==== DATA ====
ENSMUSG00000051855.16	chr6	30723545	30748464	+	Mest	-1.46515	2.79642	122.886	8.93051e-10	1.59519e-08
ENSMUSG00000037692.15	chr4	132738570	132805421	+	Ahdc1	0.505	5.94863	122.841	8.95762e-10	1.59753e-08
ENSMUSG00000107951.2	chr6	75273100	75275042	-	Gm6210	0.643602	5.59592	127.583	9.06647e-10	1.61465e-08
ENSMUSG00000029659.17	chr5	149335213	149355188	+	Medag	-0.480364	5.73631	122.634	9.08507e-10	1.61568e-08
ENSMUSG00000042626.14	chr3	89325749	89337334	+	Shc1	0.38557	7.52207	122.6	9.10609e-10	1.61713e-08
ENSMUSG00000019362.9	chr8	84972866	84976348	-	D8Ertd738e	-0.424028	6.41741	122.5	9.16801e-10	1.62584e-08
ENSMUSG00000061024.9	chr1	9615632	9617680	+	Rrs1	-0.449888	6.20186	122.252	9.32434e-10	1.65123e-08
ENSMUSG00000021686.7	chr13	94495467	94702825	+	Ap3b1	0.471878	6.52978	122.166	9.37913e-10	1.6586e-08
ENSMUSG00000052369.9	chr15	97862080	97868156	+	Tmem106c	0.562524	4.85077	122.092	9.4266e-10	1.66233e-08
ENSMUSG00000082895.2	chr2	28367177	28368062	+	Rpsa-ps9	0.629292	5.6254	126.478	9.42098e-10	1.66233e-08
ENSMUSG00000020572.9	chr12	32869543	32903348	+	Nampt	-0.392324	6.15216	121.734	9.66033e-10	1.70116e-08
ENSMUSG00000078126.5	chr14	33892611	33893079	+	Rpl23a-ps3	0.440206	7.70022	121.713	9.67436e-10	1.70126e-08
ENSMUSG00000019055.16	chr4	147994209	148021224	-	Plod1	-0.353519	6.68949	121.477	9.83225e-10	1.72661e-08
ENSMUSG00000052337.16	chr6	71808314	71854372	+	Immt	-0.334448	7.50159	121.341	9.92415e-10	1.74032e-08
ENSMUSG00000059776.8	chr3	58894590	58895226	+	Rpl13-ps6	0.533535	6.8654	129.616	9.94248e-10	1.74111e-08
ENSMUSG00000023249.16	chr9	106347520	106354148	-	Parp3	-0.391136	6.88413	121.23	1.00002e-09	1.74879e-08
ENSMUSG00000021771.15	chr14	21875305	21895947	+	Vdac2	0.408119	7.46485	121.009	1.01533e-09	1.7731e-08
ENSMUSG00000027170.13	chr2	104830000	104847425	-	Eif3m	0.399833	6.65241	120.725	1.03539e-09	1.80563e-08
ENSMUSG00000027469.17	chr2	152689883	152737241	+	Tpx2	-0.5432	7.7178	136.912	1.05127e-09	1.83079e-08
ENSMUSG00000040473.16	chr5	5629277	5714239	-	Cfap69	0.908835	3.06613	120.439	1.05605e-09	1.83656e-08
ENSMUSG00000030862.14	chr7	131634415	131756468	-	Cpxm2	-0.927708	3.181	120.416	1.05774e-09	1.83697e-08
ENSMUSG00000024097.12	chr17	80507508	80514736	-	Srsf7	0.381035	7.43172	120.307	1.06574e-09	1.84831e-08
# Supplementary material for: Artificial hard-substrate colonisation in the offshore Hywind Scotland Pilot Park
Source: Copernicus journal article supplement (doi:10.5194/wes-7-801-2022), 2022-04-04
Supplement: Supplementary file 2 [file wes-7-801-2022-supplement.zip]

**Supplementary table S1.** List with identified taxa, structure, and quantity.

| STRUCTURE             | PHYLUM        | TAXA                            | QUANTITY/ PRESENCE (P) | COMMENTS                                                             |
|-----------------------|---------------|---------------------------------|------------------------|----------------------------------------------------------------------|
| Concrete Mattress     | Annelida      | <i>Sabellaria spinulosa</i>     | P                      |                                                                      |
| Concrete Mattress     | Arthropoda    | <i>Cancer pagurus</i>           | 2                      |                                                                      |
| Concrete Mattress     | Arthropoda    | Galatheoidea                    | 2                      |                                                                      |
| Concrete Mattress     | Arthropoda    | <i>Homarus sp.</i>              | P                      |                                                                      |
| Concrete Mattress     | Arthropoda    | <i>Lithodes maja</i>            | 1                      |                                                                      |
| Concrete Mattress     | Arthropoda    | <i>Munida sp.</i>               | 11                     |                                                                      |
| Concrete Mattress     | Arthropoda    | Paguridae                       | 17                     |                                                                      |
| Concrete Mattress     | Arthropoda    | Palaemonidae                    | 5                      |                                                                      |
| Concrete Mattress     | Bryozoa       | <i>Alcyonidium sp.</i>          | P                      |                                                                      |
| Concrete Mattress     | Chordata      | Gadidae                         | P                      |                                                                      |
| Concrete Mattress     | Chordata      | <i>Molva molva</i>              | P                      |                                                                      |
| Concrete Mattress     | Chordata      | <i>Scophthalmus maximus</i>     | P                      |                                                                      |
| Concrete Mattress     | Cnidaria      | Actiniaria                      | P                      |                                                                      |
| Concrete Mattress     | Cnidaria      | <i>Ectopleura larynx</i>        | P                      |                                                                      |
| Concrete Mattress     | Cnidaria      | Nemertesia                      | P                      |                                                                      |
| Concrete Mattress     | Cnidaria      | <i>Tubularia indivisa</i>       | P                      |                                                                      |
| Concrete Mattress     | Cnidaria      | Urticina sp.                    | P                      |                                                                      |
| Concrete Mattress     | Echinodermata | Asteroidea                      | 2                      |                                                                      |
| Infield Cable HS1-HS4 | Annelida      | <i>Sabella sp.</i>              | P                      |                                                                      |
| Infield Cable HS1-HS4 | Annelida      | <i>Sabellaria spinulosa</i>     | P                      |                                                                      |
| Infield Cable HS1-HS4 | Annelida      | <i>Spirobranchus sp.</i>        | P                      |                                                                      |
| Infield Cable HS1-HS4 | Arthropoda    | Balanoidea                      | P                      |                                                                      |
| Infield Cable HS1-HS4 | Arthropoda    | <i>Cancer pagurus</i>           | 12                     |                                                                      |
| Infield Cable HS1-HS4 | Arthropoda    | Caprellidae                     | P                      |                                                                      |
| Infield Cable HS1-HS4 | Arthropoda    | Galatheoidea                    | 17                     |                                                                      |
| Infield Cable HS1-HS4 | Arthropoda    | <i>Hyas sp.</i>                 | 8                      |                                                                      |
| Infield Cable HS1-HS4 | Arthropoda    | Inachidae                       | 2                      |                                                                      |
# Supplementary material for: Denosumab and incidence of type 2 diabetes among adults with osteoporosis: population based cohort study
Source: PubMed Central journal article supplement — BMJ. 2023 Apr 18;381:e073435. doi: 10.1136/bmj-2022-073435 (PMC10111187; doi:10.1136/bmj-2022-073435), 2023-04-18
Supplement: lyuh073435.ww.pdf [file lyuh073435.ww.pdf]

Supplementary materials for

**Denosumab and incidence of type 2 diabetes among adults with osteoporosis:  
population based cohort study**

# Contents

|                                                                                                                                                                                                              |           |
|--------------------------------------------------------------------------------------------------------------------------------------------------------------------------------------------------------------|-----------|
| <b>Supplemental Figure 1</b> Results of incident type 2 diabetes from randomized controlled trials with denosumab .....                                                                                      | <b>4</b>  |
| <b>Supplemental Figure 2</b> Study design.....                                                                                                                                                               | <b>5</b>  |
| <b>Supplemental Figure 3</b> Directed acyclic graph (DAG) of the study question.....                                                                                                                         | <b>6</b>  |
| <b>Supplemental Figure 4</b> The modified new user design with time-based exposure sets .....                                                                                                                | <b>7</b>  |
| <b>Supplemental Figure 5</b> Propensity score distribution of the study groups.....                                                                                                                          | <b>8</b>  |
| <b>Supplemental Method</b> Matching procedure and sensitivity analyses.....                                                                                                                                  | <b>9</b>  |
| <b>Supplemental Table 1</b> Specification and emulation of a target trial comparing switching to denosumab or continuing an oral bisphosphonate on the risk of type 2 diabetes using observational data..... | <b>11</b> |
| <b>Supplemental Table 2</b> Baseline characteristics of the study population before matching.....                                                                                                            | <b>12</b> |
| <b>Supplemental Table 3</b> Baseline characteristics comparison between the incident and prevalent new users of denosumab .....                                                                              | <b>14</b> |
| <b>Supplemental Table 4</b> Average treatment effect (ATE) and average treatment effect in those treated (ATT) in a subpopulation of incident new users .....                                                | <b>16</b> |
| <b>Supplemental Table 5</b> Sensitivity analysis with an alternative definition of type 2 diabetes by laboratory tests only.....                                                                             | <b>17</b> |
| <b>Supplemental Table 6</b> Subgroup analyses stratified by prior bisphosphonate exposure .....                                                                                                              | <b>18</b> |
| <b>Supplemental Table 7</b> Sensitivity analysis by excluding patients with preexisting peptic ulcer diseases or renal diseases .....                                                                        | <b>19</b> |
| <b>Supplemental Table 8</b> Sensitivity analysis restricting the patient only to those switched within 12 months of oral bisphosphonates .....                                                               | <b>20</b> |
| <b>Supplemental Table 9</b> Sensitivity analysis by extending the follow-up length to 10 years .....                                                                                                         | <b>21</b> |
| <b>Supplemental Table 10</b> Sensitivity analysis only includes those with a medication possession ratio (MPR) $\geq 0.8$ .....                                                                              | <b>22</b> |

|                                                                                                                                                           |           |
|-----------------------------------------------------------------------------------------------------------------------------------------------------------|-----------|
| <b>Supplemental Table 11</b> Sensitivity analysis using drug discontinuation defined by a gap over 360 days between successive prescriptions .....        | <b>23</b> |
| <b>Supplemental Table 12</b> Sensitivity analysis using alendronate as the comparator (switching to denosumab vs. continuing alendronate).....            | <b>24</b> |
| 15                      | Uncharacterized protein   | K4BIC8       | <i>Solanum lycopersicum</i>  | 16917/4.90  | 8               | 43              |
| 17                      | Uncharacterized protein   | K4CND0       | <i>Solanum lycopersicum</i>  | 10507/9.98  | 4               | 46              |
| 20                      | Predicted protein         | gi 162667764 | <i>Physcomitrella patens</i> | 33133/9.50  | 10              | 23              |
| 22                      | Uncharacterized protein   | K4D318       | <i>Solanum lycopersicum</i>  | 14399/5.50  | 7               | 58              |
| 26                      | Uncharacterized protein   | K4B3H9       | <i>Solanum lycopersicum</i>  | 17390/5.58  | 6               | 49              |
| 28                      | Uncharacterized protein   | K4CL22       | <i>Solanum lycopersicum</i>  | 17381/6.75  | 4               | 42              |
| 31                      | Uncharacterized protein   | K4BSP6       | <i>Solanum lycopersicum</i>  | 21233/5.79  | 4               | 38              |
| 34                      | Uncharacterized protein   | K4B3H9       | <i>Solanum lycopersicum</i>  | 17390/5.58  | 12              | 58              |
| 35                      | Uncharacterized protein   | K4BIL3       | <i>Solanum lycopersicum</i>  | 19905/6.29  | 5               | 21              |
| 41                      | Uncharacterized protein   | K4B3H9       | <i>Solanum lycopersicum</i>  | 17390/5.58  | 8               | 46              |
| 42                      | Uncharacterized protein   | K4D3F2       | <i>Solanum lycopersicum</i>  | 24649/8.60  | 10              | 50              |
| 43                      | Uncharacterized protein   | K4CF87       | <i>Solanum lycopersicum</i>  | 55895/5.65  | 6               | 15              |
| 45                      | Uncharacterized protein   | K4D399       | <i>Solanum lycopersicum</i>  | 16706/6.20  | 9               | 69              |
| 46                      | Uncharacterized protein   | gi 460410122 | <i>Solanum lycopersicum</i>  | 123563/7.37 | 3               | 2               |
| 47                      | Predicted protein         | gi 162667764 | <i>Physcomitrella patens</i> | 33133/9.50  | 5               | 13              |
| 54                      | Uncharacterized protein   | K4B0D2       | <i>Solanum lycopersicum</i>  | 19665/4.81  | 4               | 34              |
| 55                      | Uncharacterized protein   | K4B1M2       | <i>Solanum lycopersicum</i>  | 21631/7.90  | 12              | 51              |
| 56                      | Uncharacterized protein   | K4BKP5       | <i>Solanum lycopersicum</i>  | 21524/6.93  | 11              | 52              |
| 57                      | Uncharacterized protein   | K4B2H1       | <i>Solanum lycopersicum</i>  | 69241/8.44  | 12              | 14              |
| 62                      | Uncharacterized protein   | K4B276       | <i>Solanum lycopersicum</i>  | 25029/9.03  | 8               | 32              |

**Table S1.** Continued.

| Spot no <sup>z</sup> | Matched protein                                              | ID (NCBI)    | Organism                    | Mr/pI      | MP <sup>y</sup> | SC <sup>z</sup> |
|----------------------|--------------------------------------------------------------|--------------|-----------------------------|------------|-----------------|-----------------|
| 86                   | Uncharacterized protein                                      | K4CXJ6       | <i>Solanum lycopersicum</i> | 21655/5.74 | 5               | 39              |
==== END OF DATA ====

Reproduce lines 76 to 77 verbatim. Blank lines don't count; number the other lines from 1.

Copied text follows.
| <b>Supplemental Table 6</b> Subgroup analyses stratified by prior bisphosphonate exposure .....                                                                                                              | <b>18</b> |
| <b>Supplemental Table 7</b> Sensitivity analysis by excluding patients with preexisting peptic ulcer diseases or renal diseases .....                                                                        | <b>19</b> |